|Next time||15 May 2020|
|Related to||Yom Ha'atzmaut|
|1948 Palestinian exodus|
Nakba Day (Arabic : يوم النكبةYawm an-Nakba, meaning "Day of the Catastrophe") is generally commemorated on 15 May, the day after the Gregorian calendar date for Israeli Independence Day (Yom Ha'atzmaut). For the Palestinians it is an annual day of commemoration of the displacement that preceded and followed the Israeli Declaration of Independence in 1948.
The day was inaugurated by Yasser Arafat in 1998.
During the 1948 Palestine war, an estimated 700,000 Palestinians fled or were expelled, and hundreds of Palestinian towns and villages were depopulated and destroyed.
These refugees and their descendants number several million people today, divided between Jordan (2 million), Lebanon (427,057), Syria (477,700), the West Bank (788,108) and the Gaza Strip (1.1 million), with at least another quarter of a million internally displaced Palestinians in Israel. The displacement, dispossession and dispersal of the Palestinian people is known to them as an-Nakba, meaning "catastrophe" or "disaster".
Prior to its adoption by the Palestinian nationalist movement, the "Year of the Catastrophe" among Arabs referred to 1920, when European colonial powers partitioned the Ottoman Empire into a series of separate states along lines of their own choosing.The term was first used to reference the events of 1948 in the summer of that same year by the Syrian writer Constantine Zureiq in his work Macnā an-Nakba ("The Meaning of the Nakba"; published in English in 1956).
Initially, the use of the term Nakba among Palestinians was not universal. For example, many years after 1948, Palestinian refugees in Lebanon avoided and even actively resisted using the term, because it lent permanency to a situation they viewed as temporary, and they often insisted on being called "returnees."In the 1950s and 1960s, terms they used to describe the events of 1948 included al-'ightiṣāb ("the rape"), or were more euphemistic, such as al-'aḥdāth ("the events"), al-hijra ("the exodus"), and lammā sharnā wa-tla'nā ("when we blackened our faces and left"). Nakba narratives were avoided by the leadership of the Palestine Liberation Organization (PLO) in Lebanon in the 1970s, in favor of a narrative of revolution and renewal. Interest in the Nakba by organizations representing refugees in Lebanon surged in the 1990s due to the perception that the refugees' right of return might be negotiated away in exchange for Palestinian statehood, and the desire was to send a clear message to the international community that this right was non-negotiable. The Israeli–Palestinian conflict has prompted Palestinians like Mahmoud Darwish to describe the Nakba as "an extended present that promises to continue in the future."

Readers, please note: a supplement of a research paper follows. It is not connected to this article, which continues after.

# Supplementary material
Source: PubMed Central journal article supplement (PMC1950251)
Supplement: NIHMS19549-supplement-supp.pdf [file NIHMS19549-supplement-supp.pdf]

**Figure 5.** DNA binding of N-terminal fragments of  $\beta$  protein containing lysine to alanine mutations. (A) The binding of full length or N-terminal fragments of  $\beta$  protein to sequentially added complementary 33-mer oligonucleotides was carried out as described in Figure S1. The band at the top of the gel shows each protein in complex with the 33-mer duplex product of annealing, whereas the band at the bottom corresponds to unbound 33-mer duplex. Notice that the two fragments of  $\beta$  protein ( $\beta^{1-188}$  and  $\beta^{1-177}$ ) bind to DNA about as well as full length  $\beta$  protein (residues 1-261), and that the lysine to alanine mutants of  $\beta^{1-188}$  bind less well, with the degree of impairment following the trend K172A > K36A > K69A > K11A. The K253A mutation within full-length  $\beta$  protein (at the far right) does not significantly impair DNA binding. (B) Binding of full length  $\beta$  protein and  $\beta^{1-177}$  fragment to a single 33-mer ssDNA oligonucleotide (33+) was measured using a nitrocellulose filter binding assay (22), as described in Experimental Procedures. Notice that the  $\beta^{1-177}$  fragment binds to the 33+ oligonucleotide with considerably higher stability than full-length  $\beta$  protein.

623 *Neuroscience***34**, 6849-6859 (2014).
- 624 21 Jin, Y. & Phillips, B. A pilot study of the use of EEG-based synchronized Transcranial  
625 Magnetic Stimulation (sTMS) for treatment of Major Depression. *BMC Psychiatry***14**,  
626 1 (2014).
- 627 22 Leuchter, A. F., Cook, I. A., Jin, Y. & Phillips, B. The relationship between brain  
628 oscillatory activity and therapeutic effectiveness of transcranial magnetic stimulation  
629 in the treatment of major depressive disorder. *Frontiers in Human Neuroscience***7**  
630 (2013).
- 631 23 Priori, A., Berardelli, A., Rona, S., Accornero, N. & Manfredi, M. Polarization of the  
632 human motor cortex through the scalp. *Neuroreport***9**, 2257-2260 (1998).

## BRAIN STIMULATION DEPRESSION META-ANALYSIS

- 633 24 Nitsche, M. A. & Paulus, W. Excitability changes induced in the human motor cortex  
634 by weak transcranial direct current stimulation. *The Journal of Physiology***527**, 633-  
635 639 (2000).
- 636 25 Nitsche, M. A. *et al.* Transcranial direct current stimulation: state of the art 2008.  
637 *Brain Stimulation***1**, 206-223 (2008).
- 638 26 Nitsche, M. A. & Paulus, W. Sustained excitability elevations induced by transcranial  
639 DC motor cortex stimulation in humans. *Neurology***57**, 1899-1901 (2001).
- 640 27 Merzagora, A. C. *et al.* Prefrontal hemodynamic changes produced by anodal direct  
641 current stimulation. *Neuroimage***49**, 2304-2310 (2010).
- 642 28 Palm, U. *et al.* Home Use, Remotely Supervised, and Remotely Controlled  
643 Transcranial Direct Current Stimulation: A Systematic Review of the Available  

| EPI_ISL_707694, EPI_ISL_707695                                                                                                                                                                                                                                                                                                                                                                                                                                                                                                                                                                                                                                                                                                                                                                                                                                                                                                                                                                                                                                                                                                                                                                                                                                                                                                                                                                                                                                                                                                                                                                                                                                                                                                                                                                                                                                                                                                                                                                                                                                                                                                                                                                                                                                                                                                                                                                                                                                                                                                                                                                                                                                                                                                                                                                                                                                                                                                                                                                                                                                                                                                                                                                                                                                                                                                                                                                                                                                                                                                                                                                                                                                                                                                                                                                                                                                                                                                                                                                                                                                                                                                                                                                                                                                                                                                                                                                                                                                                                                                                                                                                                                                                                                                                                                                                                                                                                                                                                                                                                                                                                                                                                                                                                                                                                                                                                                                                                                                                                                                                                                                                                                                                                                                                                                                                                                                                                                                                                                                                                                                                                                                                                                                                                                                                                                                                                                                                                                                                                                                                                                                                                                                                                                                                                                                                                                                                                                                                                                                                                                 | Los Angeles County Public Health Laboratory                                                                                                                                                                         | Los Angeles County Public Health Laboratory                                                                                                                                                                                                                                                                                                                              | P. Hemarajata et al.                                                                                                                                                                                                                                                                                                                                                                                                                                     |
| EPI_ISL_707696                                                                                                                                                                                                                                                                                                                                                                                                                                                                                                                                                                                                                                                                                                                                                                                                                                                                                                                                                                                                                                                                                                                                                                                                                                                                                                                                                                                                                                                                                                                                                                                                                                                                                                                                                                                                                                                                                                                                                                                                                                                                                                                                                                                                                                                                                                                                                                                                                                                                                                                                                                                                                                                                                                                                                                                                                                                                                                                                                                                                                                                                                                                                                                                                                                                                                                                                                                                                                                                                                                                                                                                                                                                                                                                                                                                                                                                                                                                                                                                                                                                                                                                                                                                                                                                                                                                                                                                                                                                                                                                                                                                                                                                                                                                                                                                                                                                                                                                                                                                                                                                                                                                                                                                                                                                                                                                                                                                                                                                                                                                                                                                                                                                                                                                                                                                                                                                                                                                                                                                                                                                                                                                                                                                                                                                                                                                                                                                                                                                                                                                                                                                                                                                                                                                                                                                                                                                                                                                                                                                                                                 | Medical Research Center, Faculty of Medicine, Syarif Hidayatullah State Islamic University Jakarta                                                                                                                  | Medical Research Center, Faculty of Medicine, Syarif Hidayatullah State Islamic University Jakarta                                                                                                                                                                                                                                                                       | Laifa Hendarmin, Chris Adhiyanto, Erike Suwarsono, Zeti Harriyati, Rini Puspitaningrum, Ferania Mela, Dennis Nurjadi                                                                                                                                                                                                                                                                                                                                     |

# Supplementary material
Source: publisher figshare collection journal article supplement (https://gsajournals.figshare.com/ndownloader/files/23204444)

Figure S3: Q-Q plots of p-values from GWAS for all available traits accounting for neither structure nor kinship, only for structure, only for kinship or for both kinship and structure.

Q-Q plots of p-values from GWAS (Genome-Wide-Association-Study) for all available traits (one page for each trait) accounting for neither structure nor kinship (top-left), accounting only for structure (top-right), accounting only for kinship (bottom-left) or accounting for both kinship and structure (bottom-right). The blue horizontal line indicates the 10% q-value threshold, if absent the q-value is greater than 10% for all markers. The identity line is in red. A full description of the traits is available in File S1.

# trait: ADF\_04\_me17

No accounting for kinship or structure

Nakba Day is generally commemorated on 15 May, the day after the Gregorian calendar date for Israel's Independence. In Israel, Nakba Day events have been held by some Arab citizens on Yom Ha'atzmaut (Israel's Independence Day), which is celebrated in Israel on the Hebrew calendar date (5 Iyar or shortly before or after). Because of the differences between the Hebrew and the Gregorian calendars, Independence Day and the official 15 May date for Nakba Day usually only coincide every 19 years.
As early as 1949, one year after the establishment of the State of Israel, 15 May was marked in several West Bank cities (under Jordanian rule) by demonstrations, strikes, the raising of black flags, and visits to the graves of people killed during the 1948 war. These events were organized by worker and student associations, cultural and sports clubs, scouts clubs, committees of refugees, and the Muslim Brotherhood. The speakers in these gatherings blamed the Arab governments and the Arab League for failing to "save Palestine", according to author Tamir Sorek. By the late 1950s, 15 May would be known in the Arab world as Palestine Day, mentioned by the media in Arab and Muslim countries as a day of international solidarity with Palestine.
Commemoration of the Nakba by Arab citizens of Israel who are internally displaced persons as a result of the 1948 war has been practiced for decades, but until the early 1990s was relatively weak. Initially, the memory of the catastrophe of 1948 was personal and communal in character and families or members of a given village would use the day to gather at the site of their former villages.Small scale commemorations of the tenth anniversary in the form of silent vigils were held by Arab students at a few schools in Israel in 1958, despite attempts by the Israeli authorities to thwart them. Visits to the sites of former villages became increasingly visible after the events of Land Day in 1976. In the wake up of the failure of the 1991 Madrid Conference to broach the subject of refugees, the Association for the Defense of the Rights of the Internally Displaced in Israel was founded to organize a March of Return to the site of a different village every year on 15 May so as to place the issue on the Israeli public agenda.
By the early 1990s, annual commemorations of the day by Palestinian Arab citizens of Israel held a prominent place in the community's public discourse.
Meron Benvenisti writes that it was "…Israeli Arabs who taught the residents of the territories to commemorate Nakba Day."Palestinians in the occupied territories were called upon to commemorate 15 May as a day of national mourning by the Palestine Liberation Organization's United National Command of the Uprising during the First Intifada in 1988. The day was inaugurated by Yasser Arafat in 1998.
The event is often marked by speeches and rallies by Palestinians in Israel, the West Bank and Gaza, in Palestinian refugee camps in Arab states, and in other places around the world.Protests at times develop into clashes between Palestinians and the Israel Defense Forces in the West Bank and Gaza Strip. In 2003 and 2004, there were demonstrations in London and New York City. In 2002, Zochrot was established to organize events raising the awareness of the Nakba in Hebrew so as to bring Palestinians and Israelis closer to a true reconciliation. The name is the Hebrew feminine plural form of "remember".